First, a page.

Simple simplicity

Quakers are sometimes quite proud of our commitment to simplicity. And yet Quakers are often wealthy – not only in global terms but also locally. It is said that this happened in part by dint of being hard workers and known for integrity and honesty. Wealth makes it hard to live simply: we become accustomed to scooting off in a car and not having to plan in extra time to wait for a bus, or to cycle, or walk.

I walked in to town yesterday, along the sea with the wind and rain howling in my face. Although it is a walk I enjoy and that I hadn’t had the opportunity to do in the years I’ve been living elsewhere, I can’t say it was enjoyable. And it certainly took about four times as long as it would have to ride smoothly in a car along the paved roads, ignoring the wind unless it was strong enough to buffet the car.

But what I really wanted to write about is the effect of visiting someone who simply lives simply. She is not a Quaker and is not working hard to live simply. But this is the most plain house I have visited in the past several months of travel.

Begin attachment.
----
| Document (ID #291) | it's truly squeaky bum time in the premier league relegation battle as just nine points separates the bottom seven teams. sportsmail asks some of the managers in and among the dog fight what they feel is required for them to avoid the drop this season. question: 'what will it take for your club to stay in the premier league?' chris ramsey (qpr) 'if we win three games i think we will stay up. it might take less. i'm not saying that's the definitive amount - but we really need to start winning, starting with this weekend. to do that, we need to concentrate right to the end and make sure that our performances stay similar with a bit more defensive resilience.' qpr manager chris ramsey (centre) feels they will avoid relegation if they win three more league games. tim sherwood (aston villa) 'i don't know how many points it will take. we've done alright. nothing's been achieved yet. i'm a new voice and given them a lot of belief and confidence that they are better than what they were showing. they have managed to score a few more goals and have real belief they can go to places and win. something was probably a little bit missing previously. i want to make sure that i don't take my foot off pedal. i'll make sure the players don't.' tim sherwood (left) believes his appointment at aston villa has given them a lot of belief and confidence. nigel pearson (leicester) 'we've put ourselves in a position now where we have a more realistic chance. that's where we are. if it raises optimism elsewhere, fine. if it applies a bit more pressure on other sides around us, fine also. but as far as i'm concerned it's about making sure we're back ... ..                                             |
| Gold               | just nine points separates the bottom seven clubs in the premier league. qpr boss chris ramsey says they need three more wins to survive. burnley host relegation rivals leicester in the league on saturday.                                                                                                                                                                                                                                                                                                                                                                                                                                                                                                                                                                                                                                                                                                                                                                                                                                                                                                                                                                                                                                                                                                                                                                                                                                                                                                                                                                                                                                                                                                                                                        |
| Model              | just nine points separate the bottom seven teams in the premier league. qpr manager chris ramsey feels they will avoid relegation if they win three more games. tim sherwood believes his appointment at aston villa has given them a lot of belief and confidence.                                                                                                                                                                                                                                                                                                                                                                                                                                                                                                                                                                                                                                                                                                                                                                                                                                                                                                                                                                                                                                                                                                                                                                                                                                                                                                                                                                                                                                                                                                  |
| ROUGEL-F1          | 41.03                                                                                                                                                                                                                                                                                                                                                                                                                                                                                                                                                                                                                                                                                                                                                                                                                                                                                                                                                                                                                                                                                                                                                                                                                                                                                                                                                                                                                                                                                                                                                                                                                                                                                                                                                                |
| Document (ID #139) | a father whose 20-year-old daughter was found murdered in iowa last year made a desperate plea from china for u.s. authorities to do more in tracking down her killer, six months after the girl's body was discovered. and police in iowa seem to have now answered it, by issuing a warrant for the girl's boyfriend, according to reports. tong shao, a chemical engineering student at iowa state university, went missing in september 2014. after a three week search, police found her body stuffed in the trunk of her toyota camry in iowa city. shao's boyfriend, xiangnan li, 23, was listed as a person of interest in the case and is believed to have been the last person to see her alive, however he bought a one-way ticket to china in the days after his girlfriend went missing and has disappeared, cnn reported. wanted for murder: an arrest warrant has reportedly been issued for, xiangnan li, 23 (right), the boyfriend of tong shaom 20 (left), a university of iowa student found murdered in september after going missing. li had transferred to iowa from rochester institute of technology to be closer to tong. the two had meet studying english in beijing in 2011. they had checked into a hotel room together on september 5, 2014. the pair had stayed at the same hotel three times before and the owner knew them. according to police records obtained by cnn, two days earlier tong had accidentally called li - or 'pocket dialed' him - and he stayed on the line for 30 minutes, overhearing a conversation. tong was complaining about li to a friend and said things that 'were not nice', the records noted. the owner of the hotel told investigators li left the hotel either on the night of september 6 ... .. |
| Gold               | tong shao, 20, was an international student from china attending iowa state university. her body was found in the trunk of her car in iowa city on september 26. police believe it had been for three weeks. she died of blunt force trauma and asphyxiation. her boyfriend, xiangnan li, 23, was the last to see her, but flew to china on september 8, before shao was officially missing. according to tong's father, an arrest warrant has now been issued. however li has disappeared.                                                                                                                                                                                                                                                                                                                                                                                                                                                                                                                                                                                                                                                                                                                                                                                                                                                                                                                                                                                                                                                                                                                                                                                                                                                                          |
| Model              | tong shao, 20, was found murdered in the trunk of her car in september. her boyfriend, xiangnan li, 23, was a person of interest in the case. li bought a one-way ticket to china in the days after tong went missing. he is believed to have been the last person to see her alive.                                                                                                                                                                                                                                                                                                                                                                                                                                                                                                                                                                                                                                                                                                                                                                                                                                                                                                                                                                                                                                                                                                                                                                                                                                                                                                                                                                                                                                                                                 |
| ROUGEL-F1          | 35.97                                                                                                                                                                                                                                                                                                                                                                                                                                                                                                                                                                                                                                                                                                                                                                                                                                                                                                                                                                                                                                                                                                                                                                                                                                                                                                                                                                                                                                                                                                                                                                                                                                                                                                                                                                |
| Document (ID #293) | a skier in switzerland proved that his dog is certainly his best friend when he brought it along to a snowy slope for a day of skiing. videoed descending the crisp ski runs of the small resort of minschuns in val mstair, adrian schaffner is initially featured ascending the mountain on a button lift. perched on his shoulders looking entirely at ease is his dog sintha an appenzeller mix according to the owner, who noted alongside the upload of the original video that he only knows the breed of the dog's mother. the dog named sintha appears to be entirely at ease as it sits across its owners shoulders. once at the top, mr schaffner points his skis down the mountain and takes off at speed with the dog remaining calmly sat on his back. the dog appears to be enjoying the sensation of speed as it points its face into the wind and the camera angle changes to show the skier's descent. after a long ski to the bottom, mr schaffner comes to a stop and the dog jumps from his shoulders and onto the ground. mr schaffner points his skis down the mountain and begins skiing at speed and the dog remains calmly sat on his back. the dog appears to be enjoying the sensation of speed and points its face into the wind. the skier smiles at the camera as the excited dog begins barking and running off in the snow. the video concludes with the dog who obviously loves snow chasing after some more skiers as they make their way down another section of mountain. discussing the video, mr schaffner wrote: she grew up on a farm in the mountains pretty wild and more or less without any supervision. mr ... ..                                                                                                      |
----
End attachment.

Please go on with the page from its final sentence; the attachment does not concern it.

You wouldn’t think to see it, as the house is full of ruffle and paisley carpets. This is because the house came furnished, and there is little need to renew everything (except for aesthetic reasons – but is that enough to rip up a carpet that is still bright and soft despite being more then 15 years old?) The kitchen is not crammed with overflowing cupboards, as in nearly all the other kitchens I have visited, but instead the sparse population of packets of dried beans and grains and vegetables are elements for tasty vegetarian meals. Appliances are present but not new or elaborate, and they are turned off unless in use. Visiting here gives me inspiration for simply living simply, without fanfare or too much discussion.

18 June 2012: And now, from another house which is also simple, I am once again challenged to think about all the things which I may not need. This house is simple also in terms of space. There’s only one shelf for dry goods in the kitchen: how many dry goods you need to keep on hand? A radio but no TV (ah, but internet!); no bookshelves but some drawers into which a few books can be put. In fact, I would have trouble living here for longer than the month planned, as I love books and like to put my shampoo on a shelf in the bathroom. But someone does live here fulltime, and that fact gives me pause for thought.

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